Would there be any potential problems with the below implementation of a rudimentary li-ion balancing/(overcharge protection) circuit? Would a resistor need to be in series with the zeners?


simulate this circuit – Schematic created using CircuitLab

  • \$\begingroup\$ most cheap/avalible zeners are 1 watt \$\endgroup\$ – Daniel Caoili Feb 1 '16 at 17:43
  • \$\begingroup\$ From what I've observed, voltages differences across the cells is usually no more than 0.1v \$\endgroup\$ – Daniel Caoili Feb 1 '16 at 18:16
  • \$\begingroup\$ A little background: I was trying to figure out how to charge a laptop battery (hp) externally. I found that I could draw power from the + and - terminals by just wiring them to a load. However when I applied a regulated current source (the battery wasn' \$\endgroup\$ – Daniel Caoili Feb 1 '16 at 18:48
  • \$\begingroup\$ t fully charged) I no current would flow into the battery. I thought I might ground one of the 5 pins on the battery to open a switch (JFET?). when that didn't (I tried all pins except the positive power suppply) seem to work I tried conecting the + terminal to one of the middle pins (not supposed to be the ground) and fried the internal battery circuit. \$\endgroup\$ – Daniel Caoili Feb 1 '16 at 18:53

A big problem is that zener diodes have a fairly soft reverse knee. This is usually compensated for by using them in tandem with a current limiter. Since there is no reasonable way to limit the current in this case you are better off going for a part with more precision such as a TL431.

| improve this answer | |
  • 2
    \$\begingroup\$ Plus you'd be lucky to get better than +/- 5% accuracy between diodes and the zener voltage will alter with temperature. \$\endgroup\$ – Andy aka Feb 1 '16 at 17:44
  • \$\begingroup\$ "soft reverse knee" what exactly does that entail? \$\endgroup\$ – Daniel Caoili Feb 1 '16 at 17:45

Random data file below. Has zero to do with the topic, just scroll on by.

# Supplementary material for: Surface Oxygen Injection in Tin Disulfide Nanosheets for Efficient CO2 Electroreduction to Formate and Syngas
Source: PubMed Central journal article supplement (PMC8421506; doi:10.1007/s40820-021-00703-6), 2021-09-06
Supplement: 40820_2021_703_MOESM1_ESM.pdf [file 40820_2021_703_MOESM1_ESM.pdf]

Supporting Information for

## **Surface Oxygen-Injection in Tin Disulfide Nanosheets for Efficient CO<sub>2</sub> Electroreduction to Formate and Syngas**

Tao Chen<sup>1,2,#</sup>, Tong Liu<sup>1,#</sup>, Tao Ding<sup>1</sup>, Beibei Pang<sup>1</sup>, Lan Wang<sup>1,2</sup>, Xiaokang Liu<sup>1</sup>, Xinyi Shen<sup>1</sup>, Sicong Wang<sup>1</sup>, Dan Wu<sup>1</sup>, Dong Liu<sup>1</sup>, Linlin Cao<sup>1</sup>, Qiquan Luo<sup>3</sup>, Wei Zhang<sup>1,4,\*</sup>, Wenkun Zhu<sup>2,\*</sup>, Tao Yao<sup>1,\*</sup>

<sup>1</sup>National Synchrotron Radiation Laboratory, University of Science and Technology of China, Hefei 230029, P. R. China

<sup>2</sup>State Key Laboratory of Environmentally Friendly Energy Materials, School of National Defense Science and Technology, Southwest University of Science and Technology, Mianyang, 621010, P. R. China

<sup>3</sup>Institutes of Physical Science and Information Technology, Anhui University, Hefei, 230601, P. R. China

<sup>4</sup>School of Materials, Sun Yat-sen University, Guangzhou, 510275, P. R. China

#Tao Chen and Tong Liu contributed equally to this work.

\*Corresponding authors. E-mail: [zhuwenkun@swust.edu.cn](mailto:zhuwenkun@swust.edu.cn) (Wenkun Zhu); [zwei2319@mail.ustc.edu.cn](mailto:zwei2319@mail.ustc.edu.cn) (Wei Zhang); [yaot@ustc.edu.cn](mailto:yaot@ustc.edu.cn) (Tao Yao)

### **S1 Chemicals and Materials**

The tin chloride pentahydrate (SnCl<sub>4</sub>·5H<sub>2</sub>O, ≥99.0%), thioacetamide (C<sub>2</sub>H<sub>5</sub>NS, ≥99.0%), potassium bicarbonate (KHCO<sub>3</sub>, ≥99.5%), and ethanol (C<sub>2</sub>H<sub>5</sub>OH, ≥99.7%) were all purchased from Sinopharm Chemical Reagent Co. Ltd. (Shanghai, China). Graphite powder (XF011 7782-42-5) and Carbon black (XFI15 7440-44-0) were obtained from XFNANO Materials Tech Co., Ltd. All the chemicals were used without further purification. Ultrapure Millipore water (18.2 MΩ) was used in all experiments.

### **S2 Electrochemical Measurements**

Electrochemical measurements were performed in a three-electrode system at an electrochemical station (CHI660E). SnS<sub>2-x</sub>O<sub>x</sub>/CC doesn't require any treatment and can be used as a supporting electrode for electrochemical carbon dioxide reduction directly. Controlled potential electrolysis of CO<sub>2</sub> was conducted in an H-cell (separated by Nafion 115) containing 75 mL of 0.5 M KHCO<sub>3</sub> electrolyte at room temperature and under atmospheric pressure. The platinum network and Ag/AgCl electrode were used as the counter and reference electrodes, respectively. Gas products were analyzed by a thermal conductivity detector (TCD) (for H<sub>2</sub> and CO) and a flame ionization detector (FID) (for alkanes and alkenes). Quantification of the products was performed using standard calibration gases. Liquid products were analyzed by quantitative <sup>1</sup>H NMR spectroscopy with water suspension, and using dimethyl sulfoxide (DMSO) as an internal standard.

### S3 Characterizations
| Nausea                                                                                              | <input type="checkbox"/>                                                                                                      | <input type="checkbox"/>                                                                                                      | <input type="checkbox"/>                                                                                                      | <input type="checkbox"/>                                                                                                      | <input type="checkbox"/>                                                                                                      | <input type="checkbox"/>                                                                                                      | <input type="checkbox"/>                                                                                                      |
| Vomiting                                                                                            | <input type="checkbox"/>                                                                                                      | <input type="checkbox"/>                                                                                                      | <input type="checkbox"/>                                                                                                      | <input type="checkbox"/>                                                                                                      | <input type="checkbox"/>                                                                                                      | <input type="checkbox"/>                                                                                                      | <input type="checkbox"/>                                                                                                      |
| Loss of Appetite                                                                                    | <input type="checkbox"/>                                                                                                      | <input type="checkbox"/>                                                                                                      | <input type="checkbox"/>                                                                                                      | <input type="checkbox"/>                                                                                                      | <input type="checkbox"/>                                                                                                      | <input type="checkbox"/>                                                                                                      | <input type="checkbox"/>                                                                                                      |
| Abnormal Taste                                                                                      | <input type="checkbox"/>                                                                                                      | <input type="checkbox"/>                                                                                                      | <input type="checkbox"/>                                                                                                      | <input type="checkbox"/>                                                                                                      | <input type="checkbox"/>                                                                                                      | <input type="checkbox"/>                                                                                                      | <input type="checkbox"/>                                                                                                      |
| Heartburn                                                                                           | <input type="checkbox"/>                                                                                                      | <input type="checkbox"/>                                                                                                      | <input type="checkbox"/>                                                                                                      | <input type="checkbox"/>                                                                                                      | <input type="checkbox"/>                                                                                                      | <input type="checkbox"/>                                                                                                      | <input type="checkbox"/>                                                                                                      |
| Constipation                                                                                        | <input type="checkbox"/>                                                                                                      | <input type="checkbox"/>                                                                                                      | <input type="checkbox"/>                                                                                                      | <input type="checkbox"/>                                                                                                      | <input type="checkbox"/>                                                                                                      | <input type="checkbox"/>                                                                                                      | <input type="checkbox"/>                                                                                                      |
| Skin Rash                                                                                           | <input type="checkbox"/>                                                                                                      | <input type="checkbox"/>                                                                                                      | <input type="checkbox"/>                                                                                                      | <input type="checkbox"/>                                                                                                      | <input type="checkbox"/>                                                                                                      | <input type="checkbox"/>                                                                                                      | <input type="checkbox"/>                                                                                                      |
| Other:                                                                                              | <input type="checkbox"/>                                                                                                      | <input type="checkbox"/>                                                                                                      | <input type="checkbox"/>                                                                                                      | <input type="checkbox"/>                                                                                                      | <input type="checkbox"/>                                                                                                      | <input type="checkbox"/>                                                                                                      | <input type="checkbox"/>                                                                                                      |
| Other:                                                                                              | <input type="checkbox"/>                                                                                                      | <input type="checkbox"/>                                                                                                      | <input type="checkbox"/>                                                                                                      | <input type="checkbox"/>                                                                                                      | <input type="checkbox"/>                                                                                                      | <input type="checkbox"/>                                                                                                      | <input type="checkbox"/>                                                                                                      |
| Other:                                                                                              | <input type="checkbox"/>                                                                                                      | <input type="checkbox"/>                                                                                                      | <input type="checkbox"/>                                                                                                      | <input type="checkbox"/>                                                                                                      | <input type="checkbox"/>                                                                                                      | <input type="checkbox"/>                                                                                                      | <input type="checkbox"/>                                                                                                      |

• \$\begingroup\$ @DanielCaoili: The bends in a diode characteristic curve are colloquially called "knees". The reverse voltage of a zener diode can vary by several hundred mV over a difference of less than 1A. This could easily lead to the destruction of the cells. \$\endgroup\$ – Ignacio Vazquez-Abrams Feb 1 '16 at 17:51
  • \$\begingroup\$ The TI datasheet has a circuit intended for high-current uses. \$\endgroup\$ – Ignacio Vazquez-Abrams Feb 1 '16 at 18:23
  • \$\begingroup\$ The TL431 does have snags .You can still use it but be careful .It is featured in www.badbeetles.com \$\endgroup\$ – Autistic Feb 1 '16 at 19:38

You could test various zeners and pick out the ones that trigger at 4.1 volts or so. A small pack is only gonna be charged at 1 to 2 amps. The resistor could just be a small piece of nichrome or stainless steel wire. Stainless at 30 AWG would be about 0.25 ohms per inch. At 0.1 volts, that would be 40 mW of heat dissipation. Plus, at 4.1 volts, the pack will last much longer in cycles.

| improve this answer | |

Your Answer

By clicking “Post Your Answer”, you agree to our terms of service, privacy policy and cookie policy

Not the answer you're looking for? Browse other questions tagged or ask your own question.